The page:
The Wars of Napoleon Russia Against Napoleon: The True Story of the Campaigns of War and Peace Napoleon na Dunaji - Napoleon on the Danube. The Campaigns of Napoleon [David G. Chandler] on ruthenpress.info *FREE* shipping on qualifying offers. Napoleonic war was nothing if not complex—an. Napoleonic war was nothing if not complex--an ever-shifting kaleidoscope of moves and intentions, which by themselves went a long way towards baffling and .
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The Campaigns of Napoleon book. Read 60 reviews from the world's largest community for readers. The Napoleonic Wars were nothing if not complex -- an eve. Book digitized by Google and uploaded to the Internet Archive by user tpb. The Campaigns of Napoleon by David G. Chandler - Napoleonic war was nothing if not complex—an ever-shifting kaleidoscope of moves and intentions, which.
The result is a work that, despite its age, remains the standard by which histories of Napoleonic warfare are judged. I've owned this book since it was newly-published When I got it I was 13 and determined to become a Napoleonic marshal.
No one has ever accused me of being practical or realistic. I'm sure I started it at some point but got bogged down like the French army between Quatre Bras and Waterloo, with page after page of place-names inadequately supported by cartography churning up a muddy prose. Th Reading this book was part of a long-term project to read all the books I own but have never read.
This time I persevered. So now I've added this finished book to my stock of knowledge, but it was more exercise than fun.
The blame is not altogether Chandler's. Military campaigns are after all a bit like death-dealing vacations, and I don't think anybody'd like me to recount the stops along the way that time I drove from Tennessee to Idaho by way of South Dakota. It's pretty dry stuff although it did rain in the Badlands. A bigger map budget would've helped--for more and for contemporary maps.
As atmospheric as those period maps are, their small-scale, dark reproduction in this edition do not allow them to function as a reader's aide, especially when the place names vary from those used by Chandler due either to language or to lack of coordination between author and whichever editor was responsible for this kind of consistency. For some reason the biggest battles Borodino and Leipzig get the antiquarian map treatment, which was very frustrating.
Enough complaining, though. The other professors, in whose classes he was not distinguished, took little notice of him. Height five feet three inches. Constitution: excellent health, docile expression, mild, straight-forward, thoughtful.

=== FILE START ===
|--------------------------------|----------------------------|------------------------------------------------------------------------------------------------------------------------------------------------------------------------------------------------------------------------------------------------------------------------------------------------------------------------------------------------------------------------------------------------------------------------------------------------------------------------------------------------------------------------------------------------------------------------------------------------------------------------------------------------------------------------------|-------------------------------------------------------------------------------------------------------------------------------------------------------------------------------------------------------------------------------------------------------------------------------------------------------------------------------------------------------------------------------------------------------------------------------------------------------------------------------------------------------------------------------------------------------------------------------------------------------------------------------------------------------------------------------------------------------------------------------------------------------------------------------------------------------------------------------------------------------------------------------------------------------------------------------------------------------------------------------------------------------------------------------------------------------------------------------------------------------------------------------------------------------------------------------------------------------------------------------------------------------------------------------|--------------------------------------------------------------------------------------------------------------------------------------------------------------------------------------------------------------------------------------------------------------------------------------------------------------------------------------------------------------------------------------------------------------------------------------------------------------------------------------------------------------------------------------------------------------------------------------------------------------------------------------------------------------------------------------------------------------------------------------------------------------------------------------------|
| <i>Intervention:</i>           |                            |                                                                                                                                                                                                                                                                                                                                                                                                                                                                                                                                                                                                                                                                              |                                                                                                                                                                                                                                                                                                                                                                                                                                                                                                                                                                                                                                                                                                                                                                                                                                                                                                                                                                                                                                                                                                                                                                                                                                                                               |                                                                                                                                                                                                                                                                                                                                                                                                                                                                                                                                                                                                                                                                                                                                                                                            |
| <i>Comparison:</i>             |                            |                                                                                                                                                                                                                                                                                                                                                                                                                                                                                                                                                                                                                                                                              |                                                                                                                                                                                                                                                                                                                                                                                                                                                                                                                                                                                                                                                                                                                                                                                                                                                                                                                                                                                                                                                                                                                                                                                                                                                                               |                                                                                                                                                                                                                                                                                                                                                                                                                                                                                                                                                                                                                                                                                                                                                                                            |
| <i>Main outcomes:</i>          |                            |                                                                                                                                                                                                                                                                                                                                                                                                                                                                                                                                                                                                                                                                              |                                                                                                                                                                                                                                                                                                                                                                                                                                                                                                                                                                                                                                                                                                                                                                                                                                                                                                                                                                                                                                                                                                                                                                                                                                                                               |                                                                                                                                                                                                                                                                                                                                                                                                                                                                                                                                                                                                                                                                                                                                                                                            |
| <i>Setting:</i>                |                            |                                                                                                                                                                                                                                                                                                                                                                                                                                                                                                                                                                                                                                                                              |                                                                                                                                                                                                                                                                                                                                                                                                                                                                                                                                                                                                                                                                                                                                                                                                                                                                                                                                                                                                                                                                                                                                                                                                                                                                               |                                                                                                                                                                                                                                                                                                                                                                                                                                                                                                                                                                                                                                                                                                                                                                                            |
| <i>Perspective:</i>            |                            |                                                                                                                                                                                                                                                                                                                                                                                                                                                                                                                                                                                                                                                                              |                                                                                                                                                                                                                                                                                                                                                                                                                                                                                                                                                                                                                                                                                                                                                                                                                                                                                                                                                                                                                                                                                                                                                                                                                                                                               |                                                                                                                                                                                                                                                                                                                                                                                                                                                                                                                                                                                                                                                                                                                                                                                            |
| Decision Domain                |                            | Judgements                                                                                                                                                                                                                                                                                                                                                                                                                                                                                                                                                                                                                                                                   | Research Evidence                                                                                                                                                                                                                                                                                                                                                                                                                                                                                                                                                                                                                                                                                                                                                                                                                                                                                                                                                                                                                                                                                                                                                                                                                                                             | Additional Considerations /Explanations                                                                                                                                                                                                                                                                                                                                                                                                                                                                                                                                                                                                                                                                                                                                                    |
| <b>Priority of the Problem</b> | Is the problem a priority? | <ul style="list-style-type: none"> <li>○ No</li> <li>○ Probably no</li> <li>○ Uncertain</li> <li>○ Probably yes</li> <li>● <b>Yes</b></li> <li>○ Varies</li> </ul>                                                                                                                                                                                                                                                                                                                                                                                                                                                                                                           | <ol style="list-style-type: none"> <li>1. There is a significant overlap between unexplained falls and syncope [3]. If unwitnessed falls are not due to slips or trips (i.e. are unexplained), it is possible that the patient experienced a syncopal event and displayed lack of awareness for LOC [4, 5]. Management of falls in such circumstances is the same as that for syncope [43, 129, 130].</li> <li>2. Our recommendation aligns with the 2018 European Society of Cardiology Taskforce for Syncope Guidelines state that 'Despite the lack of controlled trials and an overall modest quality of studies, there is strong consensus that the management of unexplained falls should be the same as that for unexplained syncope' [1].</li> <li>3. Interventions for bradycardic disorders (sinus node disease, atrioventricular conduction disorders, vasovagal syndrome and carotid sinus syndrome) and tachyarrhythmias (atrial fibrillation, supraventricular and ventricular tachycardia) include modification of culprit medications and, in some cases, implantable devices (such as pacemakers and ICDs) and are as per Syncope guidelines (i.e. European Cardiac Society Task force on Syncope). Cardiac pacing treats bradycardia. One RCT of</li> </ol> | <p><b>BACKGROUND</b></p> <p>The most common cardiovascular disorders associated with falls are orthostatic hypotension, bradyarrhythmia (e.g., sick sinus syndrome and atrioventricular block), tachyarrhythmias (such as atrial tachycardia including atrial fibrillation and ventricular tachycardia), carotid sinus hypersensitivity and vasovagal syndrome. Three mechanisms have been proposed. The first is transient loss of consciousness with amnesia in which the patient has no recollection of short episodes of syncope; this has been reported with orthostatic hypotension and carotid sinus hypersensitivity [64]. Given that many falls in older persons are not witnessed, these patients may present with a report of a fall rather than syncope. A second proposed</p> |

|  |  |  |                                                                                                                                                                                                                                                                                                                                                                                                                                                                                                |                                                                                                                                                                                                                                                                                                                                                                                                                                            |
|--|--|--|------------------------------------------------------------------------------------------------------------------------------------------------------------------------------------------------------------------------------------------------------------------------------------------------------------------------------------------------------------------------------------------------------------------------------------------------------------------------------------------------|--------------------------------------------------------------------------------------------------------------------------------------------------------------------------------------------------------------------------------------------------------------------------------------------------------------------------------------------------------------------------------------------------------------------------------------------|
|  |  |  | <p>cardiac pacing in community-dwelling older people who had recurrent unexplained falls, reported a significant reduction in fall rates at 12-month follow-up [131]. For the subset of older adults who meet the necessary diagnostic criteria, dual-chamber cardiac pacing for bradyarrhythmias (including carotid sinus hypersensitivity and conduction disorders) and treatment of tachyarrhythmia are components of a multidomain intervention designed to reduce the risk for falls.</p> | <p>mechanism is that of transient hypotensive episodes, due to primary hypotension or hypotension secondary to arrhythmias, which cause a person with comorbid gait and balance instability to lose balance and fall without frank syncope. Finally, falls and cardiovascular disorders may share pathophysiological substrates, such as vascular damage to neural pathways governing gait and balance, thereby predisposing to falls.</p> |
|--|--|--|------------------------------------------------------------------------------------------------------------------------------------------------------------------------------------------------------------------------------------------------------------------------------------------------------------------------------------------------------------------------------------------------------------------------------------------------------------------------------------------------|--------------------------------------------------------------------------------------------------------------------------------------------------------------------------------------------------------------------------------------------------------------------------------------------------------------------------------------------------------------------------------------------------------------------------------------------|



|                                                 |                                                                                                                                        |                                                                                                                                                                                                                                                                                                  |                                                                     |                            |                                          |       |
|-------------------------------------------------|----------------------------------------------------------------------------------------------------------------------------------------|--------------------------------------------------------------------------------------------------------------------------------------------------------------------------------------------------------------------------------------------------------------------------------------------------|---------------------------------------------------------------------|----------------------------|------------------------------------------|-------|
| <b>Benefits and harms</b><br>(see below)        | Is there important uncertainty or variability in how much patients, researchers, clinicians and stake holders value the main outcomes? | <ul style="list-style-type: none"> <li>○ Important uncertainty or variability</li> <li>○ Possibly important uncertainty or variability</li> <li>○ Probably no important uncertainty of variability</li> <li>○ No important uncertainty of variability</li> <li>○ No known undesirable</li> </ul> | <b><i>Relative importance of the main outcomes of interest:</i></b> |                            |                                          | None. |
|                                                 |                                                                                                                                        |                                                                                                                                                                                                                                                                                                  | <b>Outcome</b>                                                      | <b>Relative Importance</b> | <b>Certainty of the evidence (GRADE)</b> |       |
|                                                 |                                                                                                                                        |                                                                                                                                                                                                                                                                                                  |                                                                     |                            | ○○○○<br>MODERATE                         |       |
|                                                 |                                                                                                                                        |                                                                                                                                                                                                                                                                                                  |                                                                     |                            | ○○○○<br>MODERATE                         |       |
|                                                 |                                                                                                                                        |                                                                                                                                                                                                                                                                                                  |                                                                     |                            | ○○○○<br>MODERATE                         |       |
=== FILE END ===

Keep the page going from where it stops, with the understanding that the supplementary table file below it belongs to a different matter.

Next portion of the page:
Conduct most satisfactory; has always been distinguished for his application in mathematics. He is fairly well acquainted with history and geography.
He is weak in all accomplishments -- drawing, dancing, music and the like. This boy would make an excellent sailor; deserves to be admitted to the school in Paris. Passing through the final examinations at Brienne, he announced his choice of the artillery as the arm of the service he wished to join.
It was a wise decision. Not only would the artillery service suit his mathematical talents; it was also the one part of the services apart from the engineers where talent as opposed to wealth and breeding could earn advancement. He was now a little over fifteen years old. Napoleon continued his studies of mathematics, geography and history and added to his attainments a fair knowledge of German, dancing, fencing and fortification, though it appears he did not take up the opportunity for riding instruction.
He made a friend in one Des Mazis, and the time seems to have passed pleasantly enough at first. However, in the spring of his father died, and, besides being a bitter personal loss, this placed a great strain on the already stretched family finances. Joseph and Lucien both abandoned their studies in France and returned to Corsica to help their mother support their brothers and sisters, but Napoleon stayed on in Paris under conditions of real poverty.
He read much, ate little and gradually acquired that lean and hungry look which stares out of a dozen portraits painted in the early years of his fame. Perhaps the school authorities deliberately shortened his course to allow him to alleviate his utter destitution with the princely pay of four dollars forty-five a week 1, livres a year , which would be his entitlement as a newly commissioned sous-lieutenant. In any case, in August Buonaparte was put up for examination and passed out forty-second -- a place of little distinction, though it proved higher than that of his friend Des Mazis, who was fifty-sixth.
It is interesting to note that they finished the journey on foot after enjoying a costly if entertaining dissipation at Lyons; newly commissioned officers are the same the world over, heedless of generation. The French army was not at the peak of its efficiency in the years immediately preceding the Revolution, although there was a leavening of talent and significant new ideas in the process of formation amid the dust of decay. A military career was not, however, regarded as the most promising one available -- certainly not for the rank and file -- and every regiment found difficulty in maintaining its recruiting figures.